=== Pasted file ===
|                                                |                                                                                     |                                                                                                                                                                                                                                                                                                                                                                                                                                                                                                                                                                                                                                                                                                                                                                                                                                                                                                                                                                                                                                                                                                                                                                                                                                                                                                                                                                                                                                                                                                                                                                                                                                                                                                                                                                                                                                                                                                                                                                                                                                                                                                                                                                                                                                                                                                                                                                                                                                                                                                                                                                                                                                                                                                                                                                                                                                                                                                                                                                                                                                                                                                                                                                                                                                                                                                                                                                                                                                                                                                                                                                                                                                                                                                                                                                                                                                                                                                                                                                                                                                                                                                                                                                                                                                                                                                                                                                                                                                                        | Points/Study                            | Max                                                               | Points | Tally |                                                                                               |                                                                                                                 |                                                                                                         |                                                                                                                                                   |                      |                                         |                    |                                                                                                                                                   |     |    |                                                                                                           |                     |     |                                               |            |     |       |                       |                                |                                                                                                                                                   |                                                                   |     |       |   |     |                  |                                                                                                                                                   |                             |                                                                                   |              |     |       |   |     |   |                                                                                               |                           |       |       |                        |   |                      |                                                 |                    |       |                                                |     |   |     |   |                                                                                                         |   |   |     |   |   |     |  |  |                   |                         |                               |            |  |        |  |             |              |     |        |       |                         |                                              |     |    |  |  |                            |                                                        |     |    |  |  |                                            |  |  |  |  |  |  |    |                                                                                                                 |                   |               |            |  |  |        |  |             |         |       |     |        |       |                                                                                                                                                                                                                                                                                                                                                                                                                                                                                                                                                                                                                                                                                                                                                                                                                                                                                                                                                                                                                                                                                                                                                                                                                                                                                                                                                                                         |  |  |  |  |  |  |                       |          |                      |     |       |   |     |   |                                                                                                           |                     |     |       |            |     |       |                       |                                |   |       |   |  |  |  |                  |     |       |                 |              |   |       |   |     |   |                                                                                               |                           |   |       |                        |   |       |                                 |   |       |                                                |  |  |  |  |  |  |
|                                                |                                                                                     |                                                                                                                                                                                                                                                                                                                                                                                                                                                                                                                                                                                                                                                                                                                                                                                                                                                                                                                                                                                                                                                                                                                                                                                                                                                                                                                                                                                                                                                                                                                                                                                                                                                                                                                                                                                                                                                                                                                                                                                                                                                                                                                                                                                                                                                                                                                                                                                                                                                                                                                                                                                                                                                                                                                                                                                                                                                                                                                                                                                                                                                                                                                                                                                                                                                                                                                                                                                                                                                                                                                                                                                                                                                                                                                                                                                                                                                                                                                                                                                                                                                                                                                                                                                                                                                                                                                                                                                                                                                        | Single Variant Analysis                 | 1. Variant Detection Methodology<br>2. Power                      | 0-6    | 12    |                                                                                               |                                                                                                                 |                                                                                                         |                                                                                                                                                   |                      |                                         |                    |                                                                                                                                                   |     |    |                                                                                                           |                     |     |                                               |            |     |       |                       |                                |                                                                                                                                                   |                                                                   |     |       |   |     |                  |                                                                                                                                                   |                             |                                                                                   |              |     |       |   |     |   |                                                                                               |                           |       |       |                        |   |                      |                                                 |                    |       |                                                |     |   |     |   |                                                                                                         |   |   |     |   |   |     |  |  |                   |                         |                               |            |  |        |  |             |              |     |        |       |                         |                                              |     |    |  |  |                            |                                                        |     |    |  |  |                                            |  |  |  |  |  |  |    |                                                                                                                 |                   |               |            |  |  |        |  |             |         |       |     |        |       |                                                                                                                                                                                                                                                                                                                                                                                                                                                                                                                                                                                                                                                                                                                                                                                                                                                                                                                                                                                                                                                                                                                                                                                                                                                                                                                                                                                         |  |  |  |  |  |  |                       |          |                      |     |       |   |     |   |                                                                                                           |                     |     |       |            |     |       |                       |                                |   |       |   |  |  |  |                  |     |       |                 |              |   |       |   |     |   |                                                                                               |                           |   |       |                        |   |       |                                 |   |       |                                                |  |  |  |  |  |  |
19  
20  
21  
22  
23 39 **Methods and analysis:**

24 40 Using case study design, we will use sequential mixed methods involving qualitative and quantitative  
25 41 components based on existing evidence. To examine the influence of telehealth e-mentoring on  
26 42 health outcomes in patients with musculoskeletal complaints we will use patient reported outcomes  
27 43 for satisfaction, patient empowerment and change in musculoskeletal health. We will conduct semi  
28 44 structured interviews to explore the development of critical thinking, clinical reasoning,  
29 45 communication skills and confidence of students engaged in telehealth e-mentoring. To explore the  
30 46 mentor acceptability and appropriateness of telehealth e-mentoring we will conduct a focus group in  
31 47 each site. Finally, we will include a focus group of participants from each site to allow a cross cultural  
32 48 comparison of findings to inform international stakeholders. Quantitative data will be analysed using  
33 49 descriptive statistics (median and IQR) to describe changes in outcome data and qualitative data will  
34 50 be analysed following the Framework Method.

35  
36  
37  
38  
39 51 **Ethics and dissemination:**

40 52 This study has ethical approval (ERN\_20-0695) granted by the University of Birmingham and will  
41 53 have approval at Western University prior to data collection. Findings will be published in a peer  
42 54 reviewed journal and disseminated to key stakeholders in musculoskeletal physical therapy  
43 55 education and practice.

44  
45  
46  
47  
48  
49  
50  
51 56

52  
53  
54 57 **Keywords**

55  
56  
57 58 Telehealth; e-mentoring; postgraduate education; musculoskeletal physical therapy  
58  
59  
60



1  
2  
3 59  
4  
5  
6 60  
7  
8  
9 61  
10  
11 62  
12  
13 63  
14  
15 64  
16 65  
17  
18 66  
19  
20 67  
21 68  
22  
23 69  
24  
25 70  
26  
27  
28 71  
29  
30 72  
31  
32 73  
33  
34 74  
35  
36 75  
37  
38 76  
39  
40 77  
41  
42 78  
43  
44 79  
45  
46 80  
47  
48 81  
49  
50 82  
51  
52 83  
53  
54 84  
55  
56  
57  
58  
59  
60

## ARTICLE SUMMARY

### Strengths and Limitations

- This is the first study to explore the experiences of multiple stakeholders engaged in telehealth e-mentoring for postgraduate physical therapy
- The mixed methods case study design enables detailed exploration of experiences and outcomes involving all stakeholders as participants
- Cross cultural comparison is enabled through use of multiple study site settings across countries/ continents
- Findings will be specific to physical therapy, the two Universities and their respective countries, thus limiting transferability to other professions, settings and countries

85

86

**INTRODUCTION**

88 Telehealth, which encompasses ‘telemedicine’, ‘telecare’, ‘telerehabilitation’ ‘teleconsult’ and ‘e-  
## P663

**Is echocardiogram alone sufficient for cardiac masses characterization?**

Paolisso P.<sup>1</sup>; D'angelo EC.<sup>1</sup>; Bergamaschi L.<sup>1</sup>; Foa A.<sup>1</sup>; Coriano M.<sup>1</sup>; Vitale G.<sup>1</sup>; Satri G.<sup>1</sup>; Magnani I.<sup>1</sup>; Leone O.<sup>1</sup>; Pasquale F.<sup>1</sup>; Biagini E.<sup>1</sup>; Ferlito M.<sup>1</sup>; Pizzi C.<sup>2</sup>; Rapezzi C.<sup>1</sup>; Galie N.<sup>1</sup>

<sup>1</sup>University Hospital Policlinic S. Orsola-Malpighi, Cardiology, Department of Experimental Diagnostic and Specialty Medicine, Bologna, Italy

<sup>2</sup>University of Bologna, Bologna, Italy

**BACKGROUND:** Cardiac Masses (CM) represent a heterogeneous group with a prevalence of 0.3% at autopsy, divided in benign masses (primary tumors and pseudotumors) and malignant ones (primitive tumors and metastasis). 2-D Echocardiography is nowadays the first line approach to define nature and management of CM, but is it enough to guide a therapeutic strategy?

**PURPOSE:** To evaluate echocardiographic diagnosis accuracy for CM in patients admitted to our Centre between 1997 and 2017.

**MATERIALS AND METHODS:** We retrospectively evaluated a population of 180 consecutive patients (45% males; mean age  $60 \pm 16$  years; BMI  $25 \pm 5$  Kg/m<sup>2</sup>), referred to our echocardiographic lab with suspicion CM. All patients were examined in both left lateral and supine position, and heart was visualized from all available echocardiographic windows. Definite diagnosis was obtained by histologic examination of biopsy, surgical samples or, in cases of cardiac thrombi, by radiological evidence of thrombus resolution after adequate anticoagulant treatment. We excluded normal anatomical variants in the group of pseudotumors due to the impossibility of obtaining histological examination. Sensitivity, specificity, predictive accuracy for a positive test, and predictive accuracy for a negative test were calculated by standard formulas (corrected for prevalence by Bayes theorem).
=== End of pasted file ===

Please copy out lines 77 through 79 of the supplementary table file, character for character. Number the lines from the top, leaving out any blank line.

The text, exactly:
33  
34 74  
35  